It took only one question, put to a lanky young man with an ecstatic light on his face, to learn where the Prophet was staying, and three more to other folk in the streets to find the merchant's house, four stories of gray stone with white marble moldings and window frames. Masema disapproved of grubbing for money, but he was willing to accept accommodations from those who did. On the other hand, Balwer said he had slept in a leaky farmhouse as often and been as satisfied. Masema drank only water, and wherever he went, he hired a poor widow and ate the food she prepared, fair or foul, without complaint. The man had made too many widows for that charity to count far with Perrin.

"Dashiva?" Taim snarled, his eyes widening in surprise. "It will be as you say. When next you visit the Black Tower." That quickly, he recovered himself, all polished stone and poise once more. How she wished she could read her viewings of him.

Holding his fur-lined cloak close with one hand, Perrin let Stayer walk at the bay's own pace. The midmorning sun gave no warmth, and the rutted snow on the road leading into Abila made poor footing. He and his dozen companions shared the way with only two lumbering ox-carts and a handful of farmfolk in plain dark woolens. They all trudged along with heads down, clutching at hat or cap whenever a gust rose but otherwise concentrating on the ground beneath their shoes.

The streets were jammed with people, but Perrin and his companions were the only ones on horseback. The snow had long since been trampled to half-frozen ankle-deep mush. Plenty of oxcarts made their slow way through the throng, but very few wagons, and not a single carriage. Except for those wearing worn castoffs or possibly stolen clothes, everyone wore drab woolens. Most people hurried, but like the folk on the road, with heads down. Those who did not hurry were straggling groups of men carrying weapons. In the streets, the smell was mainly dirt and fear. It made Perrin's hackles rise. At least, if it came to that, getting out of a town with no wall would not prove harder than getting in.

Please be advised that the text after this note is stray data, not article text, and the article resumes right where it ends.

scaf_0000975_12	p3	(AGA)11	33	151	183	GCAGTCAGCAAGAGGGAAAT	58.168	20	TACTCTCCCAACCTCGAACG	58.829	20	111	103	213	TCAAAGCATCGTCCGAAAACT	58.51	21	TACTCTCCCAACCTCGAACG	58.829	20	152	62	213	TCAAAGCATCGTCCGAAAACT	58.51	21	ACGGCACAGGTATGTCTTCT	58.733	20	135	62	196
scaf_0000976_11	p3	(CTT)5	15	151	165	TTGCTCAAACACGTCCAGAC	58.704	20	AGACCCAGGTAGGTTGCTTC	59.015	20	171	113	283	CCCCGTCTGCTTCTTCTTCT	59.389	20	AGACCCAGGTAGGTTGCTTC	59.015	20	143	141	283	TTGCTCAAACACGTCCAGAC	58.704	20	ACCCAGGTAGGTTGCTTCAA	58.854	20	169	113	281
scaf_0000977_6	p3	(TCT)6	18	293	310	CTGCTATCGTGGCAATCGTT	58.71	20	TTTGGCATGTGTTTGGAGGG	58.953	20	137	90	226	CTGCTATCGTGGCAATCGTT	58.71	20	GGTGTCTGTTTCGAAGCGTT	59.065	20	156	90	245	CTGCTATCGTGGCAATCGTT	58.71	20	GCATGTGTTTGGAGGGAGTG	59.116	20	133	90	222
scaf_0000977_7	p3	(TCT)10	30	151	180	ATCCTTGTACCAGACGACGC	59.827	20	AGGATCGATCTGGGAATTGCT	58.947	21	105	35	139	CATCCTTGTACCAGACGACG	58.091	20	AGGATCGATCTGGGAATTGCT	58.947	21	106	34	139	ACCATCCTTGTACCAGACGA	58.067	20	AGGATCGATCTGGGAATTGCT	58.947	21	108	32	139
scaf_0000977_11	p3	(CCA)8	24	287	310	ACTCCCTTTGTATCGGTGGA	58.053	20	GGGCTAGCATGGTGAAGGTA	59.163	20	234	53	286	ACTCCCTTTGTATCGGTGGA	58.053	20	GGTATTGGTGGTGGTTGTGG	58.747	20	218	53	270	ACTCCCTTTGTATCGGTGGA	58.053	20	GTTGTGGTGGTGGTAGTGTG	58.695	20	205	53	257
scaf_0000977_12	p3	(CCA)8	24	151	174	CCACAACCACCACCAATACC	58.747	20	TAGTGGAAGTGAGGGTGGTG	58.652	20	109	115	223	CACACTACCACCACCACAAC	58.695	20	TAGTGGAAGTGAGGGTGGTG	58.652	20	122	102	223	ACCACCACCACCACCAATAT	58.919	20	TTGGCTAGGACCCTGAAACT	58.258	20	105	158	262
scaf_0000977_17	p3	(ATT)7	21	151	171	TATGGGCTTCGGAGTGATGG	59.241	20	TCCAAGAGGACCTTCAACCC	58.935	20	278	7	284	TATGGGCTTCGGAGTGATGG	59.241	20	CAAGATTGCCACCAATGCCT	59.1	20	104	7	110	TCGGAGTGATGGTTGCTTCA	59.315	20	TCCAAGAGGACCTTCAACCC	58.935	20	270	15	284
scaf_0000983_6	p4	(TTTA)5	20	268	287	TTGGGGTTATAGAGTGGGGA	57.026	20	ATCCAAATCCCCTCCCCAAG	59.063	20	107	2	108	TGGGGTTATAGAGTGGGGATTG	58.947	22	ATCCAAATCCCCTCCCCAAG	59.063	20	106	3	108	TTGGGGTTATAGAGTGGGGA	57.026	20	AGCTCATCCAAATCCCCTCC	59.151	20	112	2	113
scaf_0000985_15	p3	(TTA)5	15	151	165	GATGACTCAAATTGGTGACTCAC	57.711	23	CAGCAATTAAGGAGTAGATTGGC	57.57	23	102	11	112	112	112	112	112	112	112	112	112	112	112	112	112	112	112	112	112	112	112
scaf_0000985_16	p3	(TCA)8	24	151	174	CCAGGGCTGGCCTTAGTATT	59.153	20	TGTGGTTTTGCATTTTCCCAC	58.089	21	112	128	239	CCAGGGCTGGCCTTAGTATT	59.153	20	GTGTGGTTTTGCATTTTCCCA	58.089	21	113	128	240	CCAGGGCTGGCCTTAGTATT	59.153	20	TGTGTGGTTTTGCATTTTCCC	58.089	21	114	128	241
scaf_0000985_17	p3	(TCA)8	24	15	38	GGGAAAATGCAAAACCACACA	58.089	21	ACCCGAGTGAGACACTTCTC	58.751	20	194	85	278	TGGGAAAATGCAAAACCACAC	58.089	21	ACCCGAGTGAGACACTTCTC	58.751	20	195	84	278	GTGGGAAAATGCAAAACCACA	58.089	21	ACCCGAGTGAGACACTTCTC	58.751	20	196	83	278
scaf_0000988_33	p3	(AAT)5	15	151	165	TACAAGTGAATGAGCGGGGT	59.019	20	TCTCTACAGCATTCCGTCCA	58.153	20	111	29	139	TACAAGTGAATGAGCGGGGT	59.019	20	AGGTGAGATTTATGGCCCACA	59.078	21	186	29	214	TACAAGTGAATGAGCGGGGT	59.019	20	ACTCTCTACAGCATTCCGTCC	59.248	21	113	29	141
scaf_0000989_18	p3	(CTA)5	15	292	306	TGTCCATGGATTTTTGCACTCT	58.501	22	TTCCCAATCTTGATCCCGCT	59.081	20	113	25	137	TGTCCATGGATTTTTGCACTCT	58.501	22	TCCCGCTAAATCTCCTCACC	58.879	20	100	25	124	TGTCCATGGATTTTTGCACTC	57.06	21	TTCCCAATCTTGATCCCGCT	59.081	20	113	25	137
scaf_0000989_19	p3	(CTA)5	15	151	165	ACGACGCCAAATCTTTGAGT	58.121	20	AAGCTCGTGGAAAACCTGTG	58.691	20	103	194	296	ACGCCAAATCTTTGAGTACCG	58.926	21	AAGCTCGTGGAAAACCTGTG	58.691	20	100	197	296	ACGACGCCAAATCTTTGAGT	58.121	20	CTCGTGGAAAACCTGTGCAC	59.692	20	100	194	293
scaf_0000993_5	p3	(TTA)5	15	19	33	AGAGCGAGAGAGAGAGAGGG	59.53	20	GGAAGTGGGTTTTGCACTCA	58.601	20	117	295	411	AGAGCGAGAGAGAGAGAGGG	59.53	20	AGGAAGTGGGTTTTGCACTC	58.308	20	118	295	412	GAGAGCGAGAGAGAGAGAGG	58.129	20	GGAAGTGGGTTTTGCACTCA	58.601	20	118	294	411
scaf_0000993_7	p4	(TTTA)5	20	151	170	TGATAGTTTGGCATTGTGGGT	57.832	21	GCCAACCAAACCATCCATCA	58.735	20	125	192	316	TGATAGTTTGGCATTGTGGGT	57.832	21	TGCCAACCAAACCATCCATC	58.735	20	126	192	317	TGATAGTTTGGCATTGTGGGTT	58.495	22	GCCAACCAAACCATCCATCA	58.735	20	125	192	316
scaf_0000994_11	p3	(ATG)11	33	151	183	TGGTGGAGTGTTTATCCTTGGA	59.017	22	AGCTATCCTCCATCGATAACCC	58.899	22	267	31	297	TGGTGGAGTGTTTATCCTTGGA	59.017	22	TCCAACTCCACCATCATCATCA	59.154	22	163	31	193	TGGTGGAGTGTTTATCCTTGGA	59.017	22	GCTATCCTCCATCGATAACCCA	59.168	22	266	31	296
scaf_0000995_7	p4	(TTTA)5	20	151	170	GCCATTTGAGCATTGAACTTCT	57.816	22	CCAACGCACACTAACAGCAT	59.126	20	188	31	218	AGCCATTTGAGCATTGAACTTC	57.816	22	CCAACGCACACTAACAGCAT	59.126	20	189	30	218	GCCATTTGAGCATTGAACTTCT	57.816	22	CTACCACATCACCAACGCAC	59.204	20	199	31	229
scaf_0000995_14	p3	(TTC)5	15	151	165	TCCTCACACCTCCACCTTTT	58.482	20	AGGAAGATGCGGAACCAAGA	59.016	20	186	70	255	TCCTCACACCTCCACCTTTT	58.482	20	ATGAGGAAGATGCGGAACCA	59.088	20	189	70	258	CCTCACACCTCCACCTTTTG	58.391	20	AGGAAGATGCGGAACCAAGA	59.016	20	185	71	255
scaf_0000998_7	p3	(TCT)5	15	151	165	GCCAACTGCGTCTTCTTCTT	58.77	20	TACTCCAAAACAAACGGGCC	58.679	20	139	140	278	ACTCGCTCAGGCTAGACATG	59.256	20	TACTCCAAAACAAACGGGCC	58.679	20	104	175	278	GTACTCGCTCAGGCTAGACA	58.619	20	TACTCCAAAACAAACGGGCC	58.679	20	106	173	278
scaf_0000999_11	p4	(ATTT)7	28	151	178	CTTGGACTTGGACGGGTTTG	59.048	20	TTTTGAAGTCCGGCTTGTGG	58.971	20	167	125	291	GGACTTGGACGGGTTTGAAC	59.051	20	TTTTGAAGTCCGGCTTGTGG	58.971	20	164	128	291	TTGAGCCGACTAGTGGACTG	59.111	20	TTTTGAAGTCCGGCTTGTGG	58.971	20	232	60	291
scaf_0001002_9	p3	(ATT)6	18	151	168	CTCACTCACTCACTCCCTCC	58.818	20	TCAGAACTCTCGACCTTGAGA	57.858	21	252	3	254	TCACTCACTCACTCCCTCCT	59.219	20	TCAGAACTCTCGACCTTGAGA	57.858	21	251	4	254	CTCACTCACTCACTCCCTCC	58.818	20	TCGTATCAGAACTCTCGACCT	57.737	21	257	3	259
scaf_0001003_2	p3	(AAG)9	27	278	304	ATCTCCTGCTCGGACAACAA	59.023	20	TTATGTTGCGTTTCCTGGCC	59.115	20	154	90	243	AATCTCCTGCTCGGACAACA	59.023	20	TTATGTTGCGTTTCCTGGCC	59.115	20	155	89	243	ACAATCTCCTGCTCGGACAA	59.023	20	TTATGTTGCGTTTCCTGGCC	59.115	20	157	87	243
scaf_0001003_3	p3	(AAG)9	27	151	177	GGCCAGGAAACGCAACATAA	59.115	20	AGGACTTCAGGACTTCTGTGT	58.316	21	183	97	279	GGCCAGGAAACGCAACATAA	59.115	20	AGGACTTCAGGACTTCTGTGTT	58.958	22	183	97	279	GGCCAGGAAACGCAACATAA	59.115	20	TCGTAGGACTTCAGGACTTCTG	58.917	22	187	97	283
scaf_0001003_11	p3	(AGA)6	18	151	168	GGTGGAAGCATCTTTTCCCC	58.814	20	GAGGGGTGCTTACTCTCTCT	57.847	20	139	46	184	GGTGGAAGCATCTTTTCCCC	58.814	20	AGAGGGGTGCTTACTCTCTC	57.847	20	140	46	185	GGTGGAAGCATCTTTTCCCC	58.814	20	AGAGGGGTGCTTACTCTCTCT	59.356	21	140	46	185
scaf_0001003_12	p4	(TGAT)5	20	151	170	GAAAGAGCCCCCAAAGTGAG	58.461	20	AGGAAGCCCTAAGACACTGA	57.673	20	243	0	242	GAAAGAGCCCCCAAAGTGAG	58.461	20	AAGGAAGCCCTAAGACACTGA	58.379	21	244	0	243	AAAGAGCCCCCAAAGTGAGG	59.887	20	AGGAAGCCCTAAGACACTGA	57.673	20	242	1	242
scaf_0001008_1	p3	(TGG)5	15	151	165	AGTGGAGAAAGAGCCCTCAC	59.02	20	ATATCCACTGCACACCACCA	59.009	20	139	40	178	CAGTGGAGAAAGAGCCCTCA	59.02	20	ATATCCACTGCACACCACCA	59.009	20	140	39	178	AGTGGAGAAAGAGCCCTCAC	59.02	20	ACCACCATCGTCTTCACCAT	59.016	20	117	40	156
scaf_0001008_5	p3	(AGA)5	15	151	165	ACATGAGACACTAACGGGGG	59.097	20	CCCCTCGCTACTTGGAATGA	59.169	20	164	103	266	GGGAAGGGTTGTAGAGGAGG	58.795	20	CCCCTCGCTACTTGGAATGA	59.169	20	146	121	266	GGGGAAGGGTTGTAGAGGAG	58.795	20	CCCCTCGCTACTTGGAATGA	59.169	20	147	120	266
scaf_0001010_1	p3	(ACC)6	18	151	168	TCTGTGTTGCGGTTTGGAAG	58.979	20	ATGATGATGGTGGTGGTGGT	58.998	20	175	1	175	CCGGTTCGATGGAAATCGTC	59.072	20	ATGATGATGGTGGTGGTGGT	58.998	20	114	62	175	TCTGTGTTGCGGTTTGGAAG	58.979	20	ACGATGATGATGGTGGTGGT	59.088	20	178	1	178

They made no move to bar passage, just watched, hardly blinking. By what Perrin had heard, all sorts from ladies in silks to beggars in rags came to the Prophet hoping that submitting to him in person might gain added blessings. Or maybe added protection. That was why he had come this way, with only a handful of companions. He would frighten Masema if he had to, if Masema could be frightened, but it had seemed better to try reaching the man without fighting a battle. He could feel the guard's eyes on his back until he and the others were all across the short bridge and onto the paved streets of Abila. When that pressure left, though, it brought no sense of relief.

Abila was a goodly sized town, with several tall watch towers and many buildings rising four stories, every last one roofed in slate. Here and there, mounded stone and timbers filled a gap between two structures where an inn or some merchant's house had been pulled down. The Prophet disapproved of wealth gained by trade as much as he did carousing or what his followers called lewd behavior. He disapproved of a great many things, and made his feelings known with sharp examples.

It took only one question, put to a lanky young man with an ecstatic light on his face, to learn where the Prophet was staying, and three more to other folk in the streets to find the merchant's house, four stories of gray stone with white marble moldings and window frames. Masema disapproved of grubbing for money, but he was willing to accept accommodations from those who did. On the other hand, Balwer said he had slept in a leaky farmhouse as often and been as satisfied. Masema drank only water, and wherever he went, he hired a poor widow and ate the food she prepared, fair or foul, without complaint. The man had made too many widows for that charity to count far with Perrin.

"I don't have time for tears, either, Min," he said gently. "Sometimes the hounds catch the wolf and wish they hadn't. Sometimes he turns on them, or waits in ambush. But first, the wolf has to run."

"My Lord," Balwer murmured as they came abreast of one of those heaps of rubble. He barely waited for Perrin's nod before turning his hammer-nosed mount aside and making his way in another direction, hunched in his saddle with his brown cloak held tight around him. Perrin had no worries about the dried-up little man going off alone, even here. For a secretary, he managed to learn a surprising amount on these forays of his. He seemed to know what he was about.

"No point wasting time, and no time to waste," Rand muttered. Kneeling in front of her, he took the crown and slipped it into the scrip with the other things. "Min, I thought I was the whole pack of hounds, chasing down one wolf after another, but it seems I'm the wolf."

"Dashiva?" Taim snarled, his eyes widening in surprise. "It will be as you say. When next you visit the Black Tower." That quickly, he recovered himself, all polished stone and poise once more. How she wished she could read her viewings of him.

"A little something in the wine," Rand said softly as he laid Fedwin down. Min's eyes burned, but she would not cry. She would not

Rand smiled at him, a hard feral smile. "Add Corlan Dashiva to your list of deserters, Taim. Next time I visit the Black Tower, I expect to see his head on your Traitor's Tree."

Dismissing Balwer from his thoughts, Perrin set to what he was there about.